I’m keynoting the workship on Food, Ethics, Politics at 4:00 with a reception to follow. My talk, “”Food, Ethics, Politics: The View from 2022,” will be in the Andlinger Center for Energy and the Environment, Maeder Hall, Room 002. This event is part of the University Center for Human Values (UCHV) Conferences, Workshops & Special Events. To register to attend, click here.
Industry-influenced study of the week: sugars v. calories
Unsavory Truth came out late last year, but I’m following up by posting recent examples of the issues it covers. Here, for example, is a recent study that caught my eye:
The role of dietary sugars in health: molecular composition or just calories? Philip Prinz. European Journal of Clinical Nutrition (2019).
A big argument in nutrition right now is whether the metabolic dysfunction that results from excessive consumption of sugars is due to the sugars themselves or to the calories they produce (or, I suppose, to both).
The author who attempted to answer this question conducted a lengthy and detailed review of research on the effects of sugars on obesity, heart disease, type 2 diabetes, and other chronic conditions . His conclusion:
Current scientific evidence does not support the conclusion that dietary sugars themselves are detrimental to human health and the cause of obesity as well as NCDs [non-communicable— chronic—diseases]. Data from human studies clearly shows that it is the excess amount of calories, also consumed in form of dietary sugars, that promotes obesity and with that favors NCDs. For sucrose, further research is needed in order to evaluate the relevance of its molecular composition, especially in comparison with other macronutrients.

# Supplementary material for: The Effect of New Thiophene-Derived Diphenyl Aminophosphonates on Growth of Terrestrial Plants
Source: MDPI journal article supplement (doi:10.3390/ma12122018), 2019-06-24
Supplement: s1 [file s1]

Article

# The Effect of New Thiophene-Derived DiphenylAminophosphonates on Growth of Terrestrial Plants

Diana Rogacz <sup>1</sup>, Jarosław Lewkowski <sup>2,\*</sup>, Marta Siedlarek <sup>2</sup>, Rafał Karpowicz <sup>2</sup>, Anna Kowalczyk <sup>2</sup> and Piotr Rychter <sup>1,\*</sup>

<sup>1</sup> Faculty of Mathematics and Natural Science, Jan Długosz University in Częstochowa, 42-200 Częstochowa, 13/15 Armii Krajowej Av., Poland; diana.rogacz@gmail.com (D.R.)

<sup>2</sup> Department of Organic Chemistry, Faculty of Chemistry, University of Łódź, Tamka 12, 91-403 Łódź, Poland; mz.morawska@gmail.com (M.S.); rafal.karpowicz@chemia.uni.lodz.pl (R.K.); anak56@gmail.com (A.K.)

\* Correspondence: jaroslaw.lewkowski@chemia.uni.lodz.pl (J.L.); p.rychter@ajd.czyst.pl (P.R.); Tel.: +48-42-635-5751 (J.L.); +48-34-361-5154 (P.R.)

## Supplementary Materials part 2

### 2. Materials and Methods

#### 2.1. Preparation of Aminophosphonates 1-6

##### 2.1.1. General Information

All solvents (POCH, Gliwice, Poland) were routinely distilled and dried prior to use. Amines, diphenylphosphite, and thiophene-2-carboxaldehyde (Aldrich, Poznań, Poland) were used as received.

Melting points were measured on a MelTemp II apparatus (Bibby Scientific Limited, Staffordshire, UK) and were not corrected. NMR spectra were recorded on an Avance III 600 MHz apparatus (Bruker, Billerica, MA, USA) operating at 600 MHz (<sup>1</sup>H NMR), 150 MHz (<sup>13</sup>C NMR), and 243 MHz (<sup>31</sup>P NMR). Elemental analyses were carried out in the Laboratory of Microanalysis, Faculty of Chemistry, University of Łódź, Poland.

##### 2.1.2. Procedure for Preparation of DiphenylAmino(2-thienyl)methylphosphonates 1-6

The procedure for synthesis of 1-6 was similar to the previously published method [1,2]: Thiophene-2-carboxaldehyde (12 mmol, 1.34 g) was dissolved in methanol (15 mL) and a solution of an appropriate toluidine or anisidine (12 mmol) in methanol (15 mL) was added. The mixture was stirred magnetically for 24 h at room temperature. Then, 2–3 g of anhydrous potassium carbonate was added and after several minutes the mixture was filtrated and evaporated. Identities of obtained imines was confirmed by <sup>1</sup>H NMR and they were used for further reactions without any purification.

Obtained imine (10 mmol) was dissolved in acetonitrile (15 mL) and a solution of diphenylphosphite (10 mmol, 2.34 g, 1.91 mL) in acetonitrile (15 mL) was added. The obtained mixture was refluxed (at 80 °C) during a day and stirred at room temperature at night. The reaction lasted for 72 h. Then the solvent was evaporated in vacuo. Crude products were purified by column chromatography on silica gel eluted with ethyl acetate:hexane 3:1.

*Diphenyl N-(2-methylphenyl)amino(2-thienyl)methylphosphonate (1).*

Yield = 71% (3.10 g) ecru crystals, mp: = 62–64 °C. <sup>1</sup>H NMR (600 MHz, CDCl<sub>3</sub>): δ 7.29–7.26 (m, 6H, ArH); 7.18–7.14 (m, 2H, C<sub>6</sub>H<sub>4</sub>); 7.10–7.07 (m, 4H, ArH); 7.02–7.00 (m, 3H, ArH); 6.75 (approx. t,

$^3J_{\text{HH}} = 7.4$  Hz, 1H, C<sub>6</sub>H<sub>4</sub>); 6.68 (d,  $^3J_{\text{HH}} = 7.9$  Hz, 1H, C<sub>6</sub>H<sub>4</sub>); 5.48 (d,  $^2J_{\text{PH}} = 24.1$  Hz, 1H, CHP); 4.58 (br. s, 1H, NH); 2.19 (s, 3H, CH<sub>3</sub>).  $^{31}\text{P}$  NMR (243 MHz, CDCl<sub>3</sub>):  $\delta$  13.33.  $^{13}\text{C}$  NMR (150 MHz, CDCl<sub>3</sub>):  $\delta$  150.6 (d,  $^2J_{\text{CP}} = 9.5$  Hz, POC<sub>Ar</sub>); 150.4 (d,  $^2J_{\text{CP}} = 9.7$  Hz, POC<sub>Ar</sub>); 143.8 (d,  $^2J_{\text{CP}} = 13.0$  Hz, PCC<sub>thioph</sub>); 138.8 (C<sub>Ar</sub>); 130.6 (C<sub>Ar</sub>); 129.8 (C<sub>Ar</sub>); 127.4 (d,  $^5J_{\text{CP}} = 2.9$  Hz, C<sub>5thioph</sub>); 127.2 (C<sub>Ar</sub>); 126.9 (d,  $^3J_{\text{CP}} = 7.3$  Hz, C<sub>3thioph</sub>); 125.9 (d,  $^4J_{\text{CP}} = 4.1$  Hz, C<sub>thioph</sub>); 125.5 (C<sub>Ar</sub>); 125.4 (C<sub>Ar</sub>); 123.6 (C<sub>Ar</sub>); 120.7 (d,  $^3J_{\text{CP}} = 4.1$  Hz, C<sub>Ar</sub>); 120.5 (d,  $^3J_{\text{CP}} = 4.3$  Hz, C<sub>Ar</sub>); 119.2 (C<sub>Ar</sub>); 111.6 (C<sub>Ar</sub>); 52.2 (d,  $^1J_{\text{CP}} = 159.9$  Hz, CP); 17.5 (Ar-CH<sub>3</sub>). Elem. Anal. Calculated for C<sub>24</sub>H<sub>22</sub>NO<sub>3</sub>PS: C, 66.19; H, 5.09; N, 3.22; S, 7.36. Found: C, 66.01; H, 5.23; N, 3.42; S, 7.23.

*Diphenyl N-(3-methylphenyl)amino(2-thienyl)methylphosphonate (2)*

In other words, you don’t have to worry about sugars; just don’t overeat anything.
So, who paid for this?
The paper provides no disclosures of funding or conflicted interests.
But if you click on Philip Prinz, you will see that he is with the Department of Nutritional Sciences, German Sugar Association, Berlin, Germany
My interpretation of this literature generally favors calories (see my book with Malden Nesheim, Why Calories Count: From Science to Politics). As I see it, when it comes to weight gain, how much you eat matters more than what you eat, especially if your diet is reasonably healthy.
But I would be much more confident in conclusions like these if they came from a researcher whose salary did not depend on producing desirable results for a sugar association.
And everybody would be better off eating less sugar, for reasons of nutritional health, if not necessarily weight.